For the other subset of IE 6 users, this will be a great notice to let them know that their web experience is seriously degraded, and that they should strongly consider upgrading their web browser.

While we try to keep our code simple at StarterTech, we won’t be adding the code for now, but believe me that we fully support this movement and hope that you will give some serious thought to upgrading when and where you can.

Categories: Internet, Web Browsing   
 

mailIf you’re to believe senior officials at the United States Postal Service, we are in the end times and that nasty, evil Internet is to blame!

According to an article from The Washington Post, the United States Postal Service is seeing its volume drop off so fast that even after an increase in rates earlier this year, there will be a loss posted for this year.  To try to combat these losses the service is removing over 100,000 drop off boxes that receive less than 25 pieces of mail per day, cutting office hours, combining delivery routes, placing hiring and raise freezes and lobbying congress to let them reduce home delivery days from six days a week to just five.

While the tone of the article, and various statements by senior postal officials, all seem to point to the reason being the Internet and email, but I think that is disingenuous at best.  There is no denying that it is indeed having some effect as people are paying bills online, sending ecards as opposed to physical birthday cards and so on, but there are also a lot of financial reasons for people to no longer send mail.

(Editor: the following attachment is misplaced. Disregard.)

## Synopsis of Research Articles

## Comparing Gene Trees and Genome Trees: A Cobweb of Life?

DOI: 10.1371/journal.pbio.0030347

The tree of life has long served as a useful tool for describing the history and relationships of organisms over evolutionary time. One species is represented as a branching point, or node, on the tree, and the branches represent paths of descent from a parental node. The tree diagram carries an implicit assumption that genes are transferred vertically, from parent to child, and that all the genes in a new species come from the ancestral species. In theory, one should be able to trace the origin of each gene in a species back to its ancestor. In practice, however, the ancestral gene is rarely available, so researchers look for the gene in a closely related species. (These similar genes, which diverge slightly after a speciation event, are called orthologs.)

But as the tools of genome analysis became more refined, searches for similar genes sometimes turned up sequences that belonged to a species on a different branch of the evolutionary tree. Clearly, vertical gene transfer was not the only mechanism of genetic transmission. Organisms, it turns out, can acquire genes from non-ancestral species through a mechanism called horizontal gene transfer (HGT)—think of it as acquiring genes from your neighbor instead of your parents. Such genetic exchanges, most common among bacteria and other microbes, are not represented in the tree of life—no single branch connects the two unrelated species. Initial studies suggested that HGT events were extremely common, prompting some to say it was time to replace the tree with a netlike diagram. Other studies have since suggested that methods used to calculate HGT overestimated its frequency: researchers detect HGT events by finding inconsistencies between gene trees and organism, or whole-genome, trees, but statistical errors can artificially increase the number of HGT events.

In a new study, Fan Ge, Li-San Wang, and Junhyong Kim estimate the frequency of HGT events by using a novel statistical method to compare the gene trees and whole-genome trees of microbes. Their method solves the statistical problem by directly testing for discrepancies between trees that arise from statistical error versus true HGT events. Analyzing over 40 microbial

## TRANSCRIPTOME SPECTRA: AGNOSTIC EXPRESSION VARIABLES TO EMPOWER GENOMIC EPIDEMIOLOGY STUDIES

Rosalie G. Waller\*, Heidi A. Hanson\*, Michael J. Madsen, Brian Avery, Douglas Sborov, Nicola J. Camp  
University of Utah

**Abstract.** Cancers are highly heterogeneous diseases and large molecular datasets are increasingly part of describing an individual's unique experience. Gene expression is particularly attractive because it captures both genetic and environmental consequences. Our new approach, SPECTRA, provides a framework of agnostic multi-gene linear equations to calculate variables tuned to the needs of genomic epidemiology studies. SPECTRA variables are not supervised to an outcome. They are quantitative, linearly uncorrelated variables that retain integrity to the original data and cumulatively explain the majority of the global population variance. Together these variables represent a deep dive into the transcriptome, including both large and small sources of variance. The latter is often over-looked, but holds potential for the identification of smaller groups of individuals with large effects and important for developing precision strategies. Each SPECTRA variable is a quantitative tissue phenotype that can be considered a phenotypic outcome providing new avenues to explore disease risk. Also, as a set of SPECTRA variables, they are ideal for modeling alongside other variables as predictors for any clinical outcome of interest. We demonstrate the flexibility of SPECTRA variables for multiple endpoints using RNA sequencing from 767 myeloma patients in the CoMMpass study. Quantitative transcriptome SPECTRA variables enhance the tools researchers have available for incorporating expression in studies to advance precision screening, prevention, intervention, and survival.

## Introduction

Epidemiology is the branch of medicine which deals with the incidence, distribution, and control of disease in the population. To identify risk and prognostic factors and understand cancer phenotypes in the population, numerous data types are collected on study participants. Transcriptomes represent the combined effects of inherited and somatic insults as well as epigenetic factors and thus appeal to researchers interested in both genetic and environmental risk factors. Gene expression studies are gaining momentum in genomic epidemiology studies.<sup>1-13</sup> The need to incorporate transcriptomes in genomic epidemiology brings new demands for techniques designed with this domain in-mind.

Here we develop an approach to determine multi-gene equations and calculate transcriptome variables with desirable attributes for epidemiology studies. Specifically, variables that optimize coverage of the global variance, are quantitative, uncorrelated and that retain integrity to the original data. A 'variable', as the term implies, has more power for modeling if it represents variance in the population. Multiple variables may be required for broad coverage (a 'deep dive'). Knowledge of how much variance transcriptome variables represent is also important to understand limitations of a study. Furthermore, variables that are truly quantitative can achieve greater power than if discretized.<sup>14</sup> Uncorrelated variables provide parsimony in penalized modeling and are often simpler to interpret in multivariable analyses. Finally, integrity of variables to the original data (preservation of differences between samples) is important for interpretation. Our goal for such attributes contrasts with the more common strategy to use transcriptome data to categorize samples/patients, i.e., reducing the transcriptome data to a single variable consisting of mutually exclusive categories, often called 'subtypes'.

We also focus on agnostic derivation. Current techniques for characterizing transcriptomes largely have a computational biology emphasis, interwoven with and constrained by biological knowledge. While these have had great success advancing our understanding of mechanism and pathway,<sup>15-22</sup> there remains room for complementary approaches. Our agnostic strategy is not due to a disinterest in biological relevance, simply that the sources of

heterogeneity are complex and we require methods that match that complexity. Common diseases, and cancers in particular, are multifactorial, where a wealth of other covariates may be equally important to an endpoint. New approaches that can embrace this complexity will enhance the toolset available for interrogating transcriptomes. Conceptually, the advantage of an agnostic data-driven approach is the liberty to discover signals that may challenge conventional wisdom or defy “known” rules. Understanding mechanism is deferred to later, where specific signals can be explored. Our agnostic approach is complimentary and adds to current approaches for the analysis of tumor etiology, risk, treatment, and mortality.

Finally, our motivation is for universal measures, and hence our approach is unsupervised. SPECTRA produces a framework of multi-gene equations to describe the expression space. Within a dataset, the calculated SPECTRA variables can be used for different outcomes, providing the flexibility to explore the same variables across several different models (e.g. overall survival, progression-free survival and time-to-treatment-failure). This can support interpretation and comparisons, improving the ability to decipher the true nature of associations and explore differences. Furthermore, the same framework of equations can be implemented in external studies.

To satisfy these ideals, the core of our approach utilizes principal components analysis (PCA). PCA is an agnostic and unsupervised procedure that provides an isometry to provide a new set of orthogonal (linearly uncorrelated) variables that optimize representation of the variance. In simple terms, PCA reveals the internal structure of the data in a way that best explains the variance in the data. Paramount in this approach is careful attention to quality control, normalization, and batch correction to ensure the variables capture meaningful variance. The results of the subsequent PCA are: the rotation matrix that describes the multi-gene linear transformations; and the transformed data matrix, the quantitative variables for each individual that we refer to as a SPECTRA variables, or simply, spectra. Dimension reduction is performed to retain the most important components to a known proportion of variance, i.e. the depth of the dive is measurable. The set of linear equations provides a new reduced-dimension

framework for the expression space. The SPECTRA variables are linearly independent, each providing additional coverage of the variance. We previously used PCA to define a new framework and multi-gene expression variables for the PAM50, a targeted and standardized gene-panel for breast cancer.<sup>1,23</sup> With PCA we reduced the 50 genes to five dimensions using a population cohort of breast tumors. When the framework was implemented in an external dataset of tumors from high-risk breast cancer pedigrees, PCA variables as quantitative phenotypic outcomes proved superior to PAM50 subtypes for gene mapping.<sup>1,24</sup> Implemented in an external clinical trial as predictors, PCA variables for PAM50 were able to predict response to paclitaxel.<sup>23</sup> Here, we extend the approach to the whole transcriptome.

Big Dogs, one of the advertisers here on StarterTech, has stopped mailing out printed catalogs citing printing and postage costs.  Banks are reducing mailing volume in droves, and are even mentioned in the original article we linked to as desperately trying to get away from sending any mail at all.  I can speak from a personal point of view that just yesterday the only piece of snail mail I received was my copy of The Wall Street Journal.  I can not tell you the last time I received only 1 piece of mail or none at all.  We normally are drowning in the amount of mail we receive here at the StarterTech office, but the volume has been steadily declining.

There is also the aspect that companies are making an effort to go more green, and any reduction in the amount of paper used is certainly a step in that direction.

Something the Postal Service needs to consider is that raising the price for postage while also reducing the number of services customers get for their money may also be a factor.  Reducing the number of delivery days?  That’s another factor that certainly will factor into how much people want to use the service.  ”Gee, I can send an email that will get there in seconds, or can I send it by snail mail and… oops, my drop box is gone… oops, my office closed before I got there… oops, it didn’t make it there before the weekend.”

Increasing prices will reducing services is not usually a formula for success when you have a competitor that is about as close to free as you can get.

Categories: Internet, Opinion   
 

compuserve 1980 adCompuServe has closed its doors after 40 years of online service.

Never heard of it?  Not surprising.  CompuServe started life in 1969 as a computer service in Cleveland, Ohio for Golden United Life Insurance.  It was built to help them with computing issues and they rented out time on their computers to other people looking for computing power.  By 1980 they sold the company to H&R Block who was looking to diversify their off-tax season earnings, and that was when things really took off.  (The ad picture to the right is from 1980, click on it to read the whole thing and read about this thing they called “Email”…)